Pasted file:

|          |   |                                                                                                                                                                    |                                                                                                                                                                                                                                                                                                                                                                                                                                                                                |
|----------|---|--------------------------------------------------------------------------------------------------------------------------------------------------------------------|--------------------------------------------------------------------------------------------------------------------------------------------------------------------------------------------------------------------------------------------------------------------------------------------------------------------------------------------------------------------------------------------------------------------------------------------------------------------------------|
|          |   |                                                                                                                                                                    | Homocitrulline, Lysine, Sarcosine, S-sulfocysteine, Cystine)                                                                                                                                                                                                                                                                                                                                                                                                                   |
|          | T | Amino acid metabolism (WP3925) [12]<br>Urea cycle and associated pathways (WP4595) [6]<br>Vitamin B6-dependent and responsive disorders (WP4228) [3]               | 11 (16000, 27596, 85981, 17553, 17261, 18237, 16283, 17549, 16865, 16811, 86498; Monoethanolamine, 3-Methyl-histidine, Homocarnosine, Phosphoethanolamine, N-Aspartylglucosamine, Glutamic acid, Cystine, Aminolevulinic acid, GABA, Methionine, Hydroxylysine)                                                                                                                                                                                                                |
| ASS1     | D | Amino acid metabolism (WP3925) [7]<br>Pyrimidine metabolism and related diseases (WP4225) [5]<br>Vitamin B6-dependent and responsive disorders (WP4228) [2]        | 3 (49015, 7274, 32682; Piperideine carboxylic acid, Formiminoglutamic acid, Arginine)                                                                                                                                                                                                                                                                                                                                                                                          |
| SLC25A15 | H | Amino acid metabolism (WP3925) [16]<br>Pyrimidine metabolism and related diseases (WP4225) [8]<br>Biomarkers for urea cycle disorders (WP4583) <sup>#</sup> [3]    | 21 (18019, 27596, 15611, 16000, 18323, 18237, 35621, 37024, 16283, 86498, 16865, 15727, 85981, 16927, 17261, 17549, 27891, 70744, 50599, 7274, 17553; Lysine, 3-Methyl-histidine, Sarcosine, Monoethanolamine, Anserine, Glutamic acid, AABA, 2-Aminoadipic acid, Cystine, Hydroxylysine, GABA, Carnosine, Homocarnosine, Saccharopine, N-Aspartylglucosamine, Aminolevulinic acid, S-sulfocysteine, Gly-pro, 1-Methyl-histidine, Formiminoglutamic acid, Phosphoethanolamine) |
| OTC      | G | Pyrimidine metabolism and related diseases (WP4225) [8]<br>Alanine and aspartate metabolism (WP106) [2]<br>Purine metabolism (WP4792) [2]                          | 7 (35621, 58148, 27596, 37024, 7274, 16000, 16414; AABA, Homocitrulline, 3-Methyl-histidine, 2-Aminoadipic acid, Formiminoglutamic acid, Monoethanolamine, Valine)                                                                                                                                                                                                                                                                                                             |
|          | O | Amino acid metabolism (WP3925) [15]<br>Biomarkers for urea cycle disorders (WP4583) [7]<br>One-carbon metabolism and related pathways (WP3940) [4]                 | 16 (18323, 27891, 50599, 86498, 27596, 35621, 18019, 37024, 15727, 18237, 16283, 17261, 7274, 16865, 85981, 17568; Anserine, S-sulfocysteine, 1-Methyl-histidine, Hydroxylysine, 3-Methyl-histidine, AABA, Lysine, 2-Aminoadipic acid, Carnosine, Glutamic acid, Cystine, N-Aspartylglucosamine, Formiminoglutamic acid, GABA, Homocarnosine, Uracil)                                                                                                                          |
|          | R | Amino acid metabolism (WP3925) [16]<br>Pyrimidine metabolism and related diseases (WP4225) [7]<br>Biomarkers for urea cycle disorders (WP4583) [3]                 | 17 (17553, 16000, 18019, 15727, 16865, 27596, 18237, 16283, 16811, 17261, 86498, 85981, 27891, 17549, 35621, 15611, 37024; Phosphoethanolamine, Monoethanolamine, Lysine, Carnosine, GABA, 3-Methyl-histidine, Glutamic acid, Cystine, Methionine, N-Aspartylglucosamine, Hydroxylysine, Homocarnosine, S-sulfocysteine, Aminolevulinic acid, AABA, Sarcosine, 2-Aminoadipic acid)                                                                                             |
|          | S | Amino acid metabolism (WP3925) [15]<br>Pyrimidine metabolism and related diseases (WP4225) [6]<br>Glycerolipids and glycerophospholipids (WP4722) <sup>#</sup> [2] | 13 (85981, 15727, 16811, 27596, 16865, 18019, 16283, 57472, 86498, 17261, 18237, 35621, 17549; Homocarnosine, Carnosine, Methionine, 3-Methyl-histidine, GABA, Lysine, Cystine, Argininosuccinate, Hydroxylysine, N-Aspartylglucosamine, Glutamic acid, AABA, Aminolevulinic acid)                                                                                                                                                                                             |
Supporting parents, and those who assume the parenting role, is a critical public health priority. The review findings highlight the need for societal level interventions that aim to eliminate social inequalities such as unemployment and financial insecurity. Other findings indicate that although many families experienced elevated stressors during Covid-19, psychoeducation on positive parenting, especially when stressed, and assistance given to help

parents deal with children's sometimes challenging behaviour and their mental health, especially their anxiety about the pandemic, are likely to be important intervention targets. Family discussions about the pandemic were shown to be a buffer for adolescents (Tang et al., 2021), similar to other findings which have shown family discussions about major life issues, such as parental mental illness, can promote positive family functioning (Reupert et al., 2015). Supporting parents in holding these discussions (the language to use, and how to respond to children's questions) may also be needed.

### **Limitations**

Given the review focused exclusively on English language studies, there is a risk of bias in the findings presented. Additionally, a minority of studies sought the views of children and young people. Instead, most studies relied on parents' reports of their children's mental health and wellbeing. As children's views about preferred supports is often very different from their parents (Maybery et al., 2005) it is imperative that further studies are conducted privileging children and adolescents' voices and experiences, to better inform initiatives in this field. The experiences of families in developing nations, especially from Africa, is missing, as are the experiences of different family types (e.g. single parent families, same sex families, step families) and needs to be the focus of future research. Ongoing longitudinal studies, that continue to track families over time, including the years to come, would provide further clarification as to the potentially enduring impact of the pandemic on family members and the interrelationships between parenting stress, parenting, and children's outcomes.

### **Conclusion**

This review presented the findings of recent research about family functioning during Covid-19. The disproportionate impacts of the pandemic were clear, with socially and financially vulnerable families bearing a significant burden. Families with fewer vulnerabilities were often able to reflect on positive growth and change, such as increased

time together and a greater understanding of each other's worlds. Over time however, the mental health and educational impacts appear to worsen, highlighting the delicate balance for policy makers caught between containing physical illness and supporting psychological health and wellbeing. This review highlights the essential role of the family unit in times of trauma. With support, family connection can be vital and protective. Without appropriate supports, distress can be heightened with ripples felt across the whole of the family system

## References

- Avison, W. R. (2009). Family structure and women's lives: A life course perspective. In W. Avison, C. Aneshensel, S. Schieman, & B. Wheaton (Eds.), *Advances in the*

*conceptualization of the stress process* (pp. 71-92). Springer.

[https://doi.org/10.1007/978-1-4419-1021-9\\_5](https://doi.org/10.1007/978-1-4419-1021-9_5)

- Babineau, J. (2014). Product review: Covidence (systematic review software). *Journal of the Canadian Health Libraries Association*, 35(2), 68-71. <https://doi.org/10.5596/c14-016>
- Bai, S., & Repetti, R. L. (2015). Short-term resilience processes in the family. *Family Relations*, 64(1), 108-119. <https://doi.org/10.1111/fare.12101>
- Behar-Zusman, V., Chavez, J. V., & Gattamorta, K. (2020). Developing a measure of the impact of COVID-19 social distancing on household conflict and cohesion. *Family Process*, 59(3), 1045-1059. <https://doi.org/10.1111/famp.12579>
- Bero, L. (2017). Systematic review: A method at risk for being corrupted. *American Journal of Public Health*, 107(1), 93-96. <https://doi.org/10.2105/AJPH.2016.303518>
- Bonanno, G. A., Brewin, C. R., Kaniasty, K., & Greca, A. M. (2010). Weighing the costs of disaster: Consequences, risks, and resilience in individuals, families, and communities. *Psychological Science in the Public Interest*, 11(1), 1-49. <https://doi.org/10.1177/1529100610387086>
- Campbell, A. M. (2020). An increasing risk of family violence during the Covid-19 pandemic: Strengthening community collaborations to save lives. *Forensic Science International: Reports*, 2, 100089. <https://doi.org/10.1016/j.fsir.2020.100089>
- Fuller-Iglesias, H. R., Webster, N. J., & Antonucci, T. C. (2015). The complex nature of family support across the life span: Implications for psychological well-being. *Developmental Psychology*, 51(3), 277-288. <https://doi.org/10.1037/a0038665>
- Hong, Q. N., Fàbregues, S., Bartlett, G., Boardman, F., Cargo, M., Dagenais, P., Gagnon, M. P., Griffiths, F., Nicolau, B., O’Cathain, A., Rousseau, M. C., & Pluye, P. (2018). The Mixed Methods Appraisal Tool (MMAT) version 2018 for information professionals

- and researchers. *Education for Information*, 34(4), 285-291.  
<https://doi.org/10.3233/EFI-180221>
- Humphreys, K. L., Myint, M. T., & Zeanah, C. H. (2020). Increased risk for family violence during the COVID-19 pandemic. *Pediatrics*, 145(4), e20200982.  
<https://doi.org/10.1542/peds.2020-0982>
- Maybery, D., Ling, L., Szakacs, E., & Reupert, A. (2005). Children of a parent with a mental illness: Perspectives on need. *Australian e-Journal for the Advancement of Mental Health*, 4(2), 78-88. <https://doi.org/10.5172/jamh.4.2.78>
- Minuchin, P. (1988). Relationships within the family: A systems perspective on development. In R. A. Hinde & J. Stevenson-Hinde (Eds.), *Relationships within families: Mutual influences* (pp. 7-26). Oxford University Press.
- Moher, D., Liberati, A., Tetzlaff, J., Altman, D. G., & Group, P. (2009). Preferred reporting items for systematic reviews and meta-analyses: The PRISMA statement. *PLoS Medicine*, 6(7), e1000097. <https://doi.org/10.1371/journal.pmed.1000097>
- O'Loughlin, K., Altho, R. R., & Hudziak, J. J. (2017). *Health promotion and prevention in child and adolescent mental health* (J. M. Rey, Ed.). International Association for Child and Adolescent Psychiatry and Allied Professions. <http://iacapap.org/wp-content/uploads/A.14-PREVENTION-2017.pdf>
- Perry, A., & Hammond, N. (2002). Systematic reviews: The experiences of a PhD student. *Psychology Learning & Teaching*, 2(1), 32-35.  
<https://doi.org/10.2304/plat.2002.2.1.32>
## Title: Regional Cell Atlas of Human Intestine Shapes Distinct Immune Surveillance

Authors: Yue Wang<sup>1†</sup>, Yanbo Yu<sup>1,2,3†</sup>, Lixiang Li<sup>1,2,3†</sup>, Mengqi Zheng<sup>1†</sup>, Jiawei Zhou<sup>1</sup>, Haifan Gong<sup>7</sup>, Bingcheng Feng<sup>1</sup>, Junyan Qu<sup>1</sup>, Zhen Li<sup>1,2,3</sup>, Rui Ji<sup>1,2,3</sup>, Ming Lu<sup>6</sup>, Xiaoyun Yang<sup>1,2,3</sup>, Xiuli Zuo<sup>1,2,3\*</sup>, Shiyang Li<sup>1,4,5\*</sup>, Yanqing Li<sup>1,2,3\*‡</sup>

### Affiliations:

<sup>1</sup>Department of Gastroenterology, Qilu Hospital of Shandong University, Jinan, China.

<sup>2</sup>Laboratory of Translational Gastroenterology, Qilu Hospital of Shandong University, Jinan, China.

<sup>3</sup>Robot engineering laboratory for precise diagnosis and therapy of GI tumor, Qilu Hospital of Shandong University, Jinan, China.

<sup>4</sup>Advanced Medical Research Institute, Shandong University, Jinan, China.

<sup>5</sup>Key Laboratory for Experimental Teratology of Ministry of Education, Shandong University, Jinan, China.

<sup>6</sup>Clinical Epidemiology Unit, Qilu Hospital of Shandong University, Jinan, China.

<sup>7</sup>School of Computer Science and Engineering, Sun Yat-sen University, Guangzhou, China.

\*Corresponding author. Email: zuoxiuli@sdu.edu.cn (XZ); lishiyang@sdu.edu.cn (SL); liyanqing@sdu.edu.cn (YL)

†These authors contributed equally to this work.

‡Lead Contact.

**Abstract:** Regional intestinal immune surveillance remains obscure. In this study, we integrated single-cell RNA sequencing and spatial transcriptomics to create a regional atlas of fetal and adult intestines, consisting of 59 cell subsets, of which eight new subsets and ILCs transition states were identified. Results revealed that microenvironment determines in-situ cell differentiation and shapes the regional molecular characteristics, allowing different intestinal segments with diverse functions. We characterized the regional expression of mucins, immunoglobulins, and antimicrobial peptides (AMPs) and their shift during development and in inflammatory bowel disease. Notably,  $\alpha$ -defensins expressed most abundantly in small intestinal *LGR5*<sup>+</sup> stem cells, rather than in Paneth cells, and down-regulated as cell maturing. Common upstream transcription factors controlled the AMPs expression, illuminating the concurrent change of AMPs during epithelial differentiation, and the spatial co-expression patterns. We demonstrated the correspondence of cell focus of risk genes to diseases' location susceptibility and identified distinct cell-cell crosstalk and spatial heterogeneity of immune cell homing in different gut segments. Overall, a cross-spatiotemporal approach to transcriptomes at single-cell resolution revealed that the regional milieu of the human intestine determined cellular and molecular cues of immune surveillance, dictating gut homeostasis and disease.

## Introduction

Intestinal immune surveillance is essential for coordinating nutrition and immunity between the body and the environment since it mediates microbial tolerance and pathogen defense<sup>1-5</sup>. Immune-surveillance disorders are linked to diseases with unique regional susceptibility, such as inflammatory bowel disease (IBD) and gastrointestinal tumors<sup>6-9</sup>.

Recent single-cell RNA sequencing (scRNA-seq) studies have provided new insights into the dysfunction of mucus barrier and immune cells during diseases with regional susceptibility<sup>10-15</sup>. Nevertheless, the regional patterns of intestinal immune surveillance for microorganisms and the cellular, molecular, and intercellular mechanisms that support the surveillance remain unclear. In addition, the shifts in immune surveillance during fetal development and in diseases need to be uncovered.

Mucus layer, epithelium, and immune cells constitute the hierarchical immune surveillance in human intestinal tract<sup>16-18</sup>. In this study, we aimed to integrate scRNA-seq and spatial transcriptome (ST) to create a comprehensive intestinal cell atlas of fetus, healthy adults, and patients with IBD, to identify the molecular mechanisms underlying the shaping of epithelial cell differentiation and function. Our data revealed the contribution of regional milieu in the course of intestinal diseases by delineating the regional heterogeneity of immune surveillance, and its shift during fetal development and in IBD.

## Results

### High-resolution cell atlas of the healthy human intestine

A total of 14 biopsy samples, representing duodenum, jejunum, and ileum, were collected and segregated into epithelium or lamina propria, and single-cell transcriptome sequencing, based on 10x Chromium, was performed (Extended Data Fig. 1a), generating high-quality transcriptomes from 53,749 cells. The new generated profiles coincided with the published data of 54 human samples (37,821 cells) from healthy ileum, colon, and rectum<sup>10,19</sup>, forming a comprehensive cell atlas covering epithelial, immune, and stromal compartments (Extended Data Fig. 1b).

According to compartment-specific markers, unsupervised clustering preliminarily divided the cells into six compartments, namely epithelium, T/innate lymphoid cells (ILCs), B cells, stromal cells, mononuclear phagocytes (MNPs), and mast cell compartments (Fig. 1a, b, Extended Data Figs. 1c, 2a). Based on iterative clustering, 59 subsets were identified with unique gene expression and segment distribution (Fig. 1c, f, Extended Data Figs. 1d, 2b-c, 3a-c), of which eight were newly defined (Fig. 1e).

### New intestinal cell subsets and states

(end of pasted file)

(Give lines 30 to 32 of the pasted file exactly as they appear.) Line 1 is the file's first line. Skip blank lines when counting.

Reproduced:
- and researchers. *Education for Information*, 34(4), 285-291.  
<https://doi.org/10.3233/EFI-180221>
- Humphreys, K. L., Myint, M. T., & Zeanah, C. H. (2020). Increased risk for family violence during the COVID-19 pandemic. *Pediatrics*, 145(4), e20200982.  